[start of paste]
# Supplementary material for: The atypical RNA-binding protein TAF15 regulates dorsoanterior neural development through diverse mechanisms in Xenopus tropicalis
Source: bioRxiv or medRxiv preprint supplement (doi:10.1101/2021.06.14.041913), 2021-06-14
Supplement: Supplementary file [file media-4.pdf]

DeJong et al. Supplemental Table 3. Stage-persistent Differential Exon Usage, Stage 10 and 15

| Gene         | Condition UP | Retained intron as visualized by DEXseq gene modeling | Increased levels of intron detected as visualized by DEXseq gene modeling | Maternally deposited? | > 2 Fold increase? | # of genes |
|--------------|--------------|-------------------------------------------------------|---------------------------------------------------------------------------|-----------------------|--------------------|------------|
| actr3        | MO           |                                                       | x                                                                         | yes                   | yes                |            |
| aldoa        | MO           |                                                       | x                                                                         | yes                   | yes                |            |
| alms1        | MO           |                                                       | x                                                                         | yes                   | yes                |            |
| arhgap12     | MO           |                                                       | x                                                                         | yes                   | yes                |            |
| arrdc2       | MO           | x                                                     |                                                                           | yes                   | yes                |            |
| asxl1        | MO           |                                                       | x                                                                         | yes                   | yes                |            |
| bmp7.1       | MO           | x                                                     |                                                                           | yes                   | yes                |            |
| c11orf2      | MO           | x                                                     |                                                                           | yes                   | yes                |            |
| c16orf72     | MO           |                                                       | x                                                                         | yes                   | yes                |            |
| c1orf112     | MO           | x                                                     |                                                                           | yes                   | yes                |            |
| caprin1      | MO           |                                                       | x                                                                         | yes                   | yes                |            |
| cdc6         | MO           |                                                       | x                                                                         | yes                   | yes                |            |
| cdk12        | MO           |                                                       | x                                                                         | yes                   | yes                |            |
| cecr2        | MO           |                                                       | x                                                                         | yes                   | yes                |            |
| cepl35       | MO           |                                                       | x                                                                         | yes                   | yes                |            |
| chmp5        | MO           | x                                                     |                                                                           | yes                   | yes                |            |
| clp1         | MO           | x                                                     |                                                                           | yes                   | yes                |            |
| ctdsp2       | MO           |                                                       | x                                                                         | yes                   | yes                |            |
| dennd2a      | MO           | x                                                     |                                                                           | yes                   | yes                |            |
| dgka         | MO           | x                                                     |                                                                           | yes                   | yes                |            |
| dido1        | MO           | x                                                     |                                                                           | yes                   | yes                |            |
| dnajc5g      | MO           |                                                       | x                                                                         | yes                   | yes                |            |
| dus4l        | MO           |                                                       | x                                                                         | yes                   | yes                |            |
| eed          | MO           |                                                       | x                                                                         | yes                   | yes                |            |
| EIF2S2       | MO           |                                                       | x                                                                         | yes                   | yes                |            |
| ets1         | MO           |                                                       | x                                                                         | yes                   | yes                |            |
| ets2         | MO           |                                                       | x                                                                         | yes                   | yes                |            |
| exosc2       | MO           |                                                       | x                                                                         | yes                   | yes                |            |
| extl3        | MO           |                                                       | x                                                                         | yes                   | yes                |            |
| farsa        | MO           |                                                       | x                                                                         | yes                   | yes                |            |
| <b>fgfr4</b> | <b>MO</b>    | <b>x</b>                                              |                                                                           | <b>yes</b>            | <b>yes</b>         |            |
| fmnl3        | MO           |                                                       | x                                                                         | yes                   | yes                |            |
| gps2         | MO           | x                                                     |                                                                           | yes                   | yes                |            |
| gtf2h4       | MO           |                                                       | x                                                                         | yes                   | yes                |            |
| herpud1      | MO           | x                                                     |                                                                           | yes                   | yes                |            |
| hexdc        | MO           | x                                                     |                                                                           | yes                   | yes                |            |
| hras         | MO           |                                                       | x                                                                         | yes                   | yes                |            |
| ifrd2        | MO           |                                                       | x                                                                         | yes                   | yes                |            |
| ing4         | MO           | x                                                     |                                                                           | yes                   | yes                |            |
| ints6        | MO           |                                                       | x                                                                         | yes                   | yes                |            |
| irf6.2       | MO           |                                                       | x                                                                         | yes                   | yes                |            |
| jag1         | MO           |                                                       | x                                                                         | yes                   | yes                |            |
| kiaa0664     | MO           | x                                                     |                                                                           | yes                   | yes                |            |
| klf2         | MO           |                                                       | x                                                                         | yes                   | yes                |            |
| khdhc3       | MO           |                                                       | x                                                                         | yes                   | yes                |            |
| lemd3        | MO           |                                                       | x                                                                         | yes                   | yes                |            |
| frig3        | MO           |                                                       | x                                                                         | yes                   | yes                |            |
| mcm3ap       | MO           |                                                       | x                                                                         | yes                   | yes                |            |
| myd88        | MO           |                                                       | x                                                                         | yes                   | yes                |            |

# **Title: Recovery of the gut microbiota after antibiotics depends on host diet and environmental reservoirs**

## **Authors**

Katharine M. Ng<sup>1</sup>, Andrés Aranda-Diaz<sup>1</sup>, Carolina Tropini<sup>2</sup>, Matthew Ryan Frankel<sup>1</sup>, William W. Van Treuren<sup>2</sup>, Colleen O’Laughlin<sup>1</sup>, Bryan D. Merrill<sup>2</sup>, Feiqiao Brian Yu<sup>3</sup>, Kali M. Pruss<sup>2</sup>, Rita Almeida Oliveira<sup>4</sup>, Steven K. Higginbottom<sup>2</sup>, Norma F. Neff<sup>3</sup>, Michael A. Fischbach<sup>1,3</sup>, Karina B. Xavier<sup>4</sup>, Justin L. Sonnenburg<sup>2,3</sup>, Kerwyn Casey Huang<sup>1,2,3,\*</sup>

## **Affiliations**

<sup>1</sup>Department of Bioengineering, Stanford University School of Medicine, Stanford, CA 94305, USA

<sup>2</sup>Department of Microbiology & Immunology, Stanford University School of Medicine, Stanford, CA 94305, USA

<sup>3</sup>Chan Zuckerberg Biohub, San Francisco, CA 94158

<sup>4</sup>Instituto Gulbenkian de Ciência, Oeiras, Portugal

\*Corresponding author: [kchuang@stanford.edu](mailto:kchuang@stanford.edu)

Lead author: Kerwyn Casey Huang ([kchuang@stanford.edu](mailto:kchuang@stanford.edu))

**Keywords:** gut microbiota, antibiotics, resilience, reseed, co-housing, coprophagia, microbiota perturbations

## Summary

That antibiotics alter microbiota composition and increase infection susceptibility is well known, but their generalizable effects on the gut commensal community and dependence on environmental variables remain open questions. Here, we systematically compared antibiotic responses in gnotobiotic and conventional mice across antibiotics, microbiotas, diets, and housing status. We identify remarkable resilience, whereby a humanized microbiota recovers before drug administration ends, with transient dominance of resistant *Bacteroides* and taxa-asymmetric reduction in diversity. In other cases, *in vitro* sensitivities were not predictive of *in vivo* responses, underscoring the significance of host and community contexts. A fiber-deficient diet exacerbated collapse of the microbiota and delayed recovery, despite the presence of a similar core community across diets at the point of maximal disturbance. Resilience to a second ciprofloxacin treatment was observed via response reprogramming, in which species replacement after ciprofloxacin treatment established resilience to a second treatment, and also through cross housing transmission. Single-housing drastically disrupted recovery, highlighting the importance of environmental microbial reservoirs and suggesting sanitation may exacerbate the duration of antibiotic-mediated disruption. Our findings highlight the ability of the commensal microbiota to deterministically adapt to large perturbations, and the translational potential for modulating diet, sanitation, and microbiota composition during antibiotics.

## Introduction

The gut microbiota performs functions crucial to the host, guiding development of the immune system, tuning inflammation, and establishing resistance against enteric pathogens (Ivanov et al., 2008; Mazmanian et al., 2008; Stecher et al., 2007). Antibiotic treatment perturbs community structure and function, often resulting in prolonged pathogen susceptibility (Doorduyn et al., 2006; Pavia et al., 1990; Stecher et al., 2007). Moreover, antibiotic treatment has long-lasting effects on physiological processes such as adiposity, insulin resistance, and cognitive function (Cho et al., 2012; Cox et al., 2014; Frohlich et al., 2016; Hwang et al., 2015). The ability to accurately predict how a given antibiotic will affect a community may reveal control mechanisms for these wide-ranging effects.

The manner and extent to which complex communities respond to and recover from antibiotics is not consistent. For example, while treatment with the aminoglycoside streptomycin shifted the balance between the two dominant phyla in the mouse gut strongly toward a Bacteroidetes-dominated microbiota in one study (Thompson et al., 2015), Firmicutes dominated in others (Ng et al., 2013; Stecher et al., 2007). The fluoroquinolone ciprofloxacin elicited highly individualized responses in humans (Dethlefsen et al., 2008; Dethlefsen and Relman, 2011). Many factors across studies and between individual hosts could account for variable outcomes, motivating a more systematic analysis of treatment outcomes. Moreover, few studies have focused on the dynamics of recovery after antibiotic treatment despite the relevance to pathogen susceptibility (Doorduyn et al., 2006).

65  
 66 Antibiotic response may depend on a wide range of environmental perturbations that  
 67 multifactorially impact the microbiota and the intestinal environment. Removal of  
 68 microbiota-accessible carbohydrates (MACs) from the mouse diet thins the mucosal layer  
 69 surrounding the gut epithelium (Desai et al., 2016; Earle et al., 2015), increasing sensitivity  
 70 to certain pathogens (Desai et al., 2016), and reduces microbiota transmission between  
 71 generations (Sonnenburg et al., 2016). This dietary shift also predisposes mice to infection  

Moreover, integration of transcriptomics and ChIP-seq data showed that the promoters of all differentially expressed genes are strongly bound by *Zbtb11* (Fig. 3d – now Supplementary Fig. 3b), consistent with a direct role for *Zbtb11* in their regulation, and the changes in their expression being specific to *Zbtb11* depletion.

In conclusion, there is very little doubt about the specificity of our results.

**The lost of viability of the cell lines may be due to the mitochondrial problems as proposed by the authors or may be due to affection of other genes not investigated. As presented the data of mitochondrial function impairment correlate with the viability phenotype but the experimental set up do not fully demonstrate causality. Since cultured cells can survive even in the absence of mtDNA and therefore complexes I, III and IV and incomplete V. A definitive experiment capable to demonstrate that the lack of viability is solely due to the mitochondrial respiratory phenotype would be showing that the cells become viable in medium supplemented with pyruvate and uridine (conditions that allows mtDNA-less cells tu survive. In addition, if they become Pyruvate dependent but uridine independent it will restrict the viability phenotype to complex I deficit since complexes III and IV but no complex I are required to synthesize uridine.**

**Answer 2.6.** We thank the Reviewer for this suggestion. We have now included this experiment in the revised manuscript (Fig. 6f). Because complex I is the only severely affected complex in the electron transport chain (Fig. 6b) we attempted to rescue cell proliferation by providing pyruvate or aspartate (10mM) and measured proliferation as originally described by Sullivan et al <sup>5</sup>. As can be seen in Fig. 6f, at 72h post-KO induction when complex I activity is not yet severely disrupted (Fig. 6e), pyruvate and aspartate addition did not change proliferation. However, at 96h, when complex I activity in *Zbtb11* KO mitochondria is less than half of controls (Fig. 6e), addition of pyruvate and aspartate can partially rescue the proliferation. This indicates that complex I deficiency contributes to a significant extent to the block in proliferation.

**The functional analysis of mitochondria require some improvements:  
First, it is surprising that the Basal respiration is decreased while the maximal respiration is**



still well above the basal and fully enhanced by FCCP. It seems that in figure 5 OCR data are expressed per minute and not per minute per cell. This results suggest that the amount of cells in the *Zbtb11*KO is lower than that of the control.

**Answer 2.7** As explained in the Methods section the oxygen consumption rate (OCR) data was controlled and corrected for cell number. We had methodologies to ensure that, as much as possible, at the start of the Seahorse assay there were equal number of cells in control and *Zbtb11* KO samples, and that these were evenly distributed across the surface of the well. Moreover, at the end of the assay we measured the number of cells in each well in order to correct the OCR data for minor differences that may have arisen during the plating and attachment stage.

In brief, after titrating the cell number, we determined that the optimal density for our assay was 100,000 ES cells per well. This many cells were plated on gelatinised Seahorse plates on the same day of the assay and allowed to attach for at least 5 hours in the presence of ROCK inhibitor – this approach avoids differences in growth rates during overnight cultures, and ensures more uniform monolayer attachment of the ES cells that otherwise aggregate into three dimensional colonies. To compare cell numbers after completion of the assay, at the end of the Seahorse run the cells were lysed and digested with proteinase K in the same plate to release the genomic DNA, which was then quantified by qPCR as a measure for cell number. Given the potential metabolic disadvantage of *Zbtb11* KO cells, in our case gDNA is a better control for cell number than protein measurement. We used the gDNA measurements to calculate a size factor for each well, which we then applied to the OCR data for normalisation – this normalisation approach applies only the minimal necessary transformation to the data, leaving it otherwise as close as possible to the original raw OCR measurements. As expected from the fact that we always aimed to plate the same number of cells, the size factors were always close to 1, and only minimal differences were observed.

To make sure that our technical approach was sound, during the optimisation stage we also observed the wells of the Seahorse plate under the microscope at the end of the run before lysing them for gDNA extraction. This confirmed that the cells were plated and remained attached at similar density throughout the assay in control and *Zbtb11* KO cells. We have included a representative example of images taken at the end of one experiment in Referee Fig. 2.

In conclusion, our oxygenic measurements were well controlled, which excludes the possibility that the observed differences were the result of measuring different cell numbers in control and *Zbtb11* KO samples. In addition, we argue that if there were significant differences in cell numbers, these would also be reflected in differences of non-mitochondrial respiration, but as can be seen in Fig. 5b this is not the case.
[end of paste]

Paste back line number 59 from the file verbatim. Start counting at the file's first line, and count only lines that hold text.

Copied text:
## **Affiliations**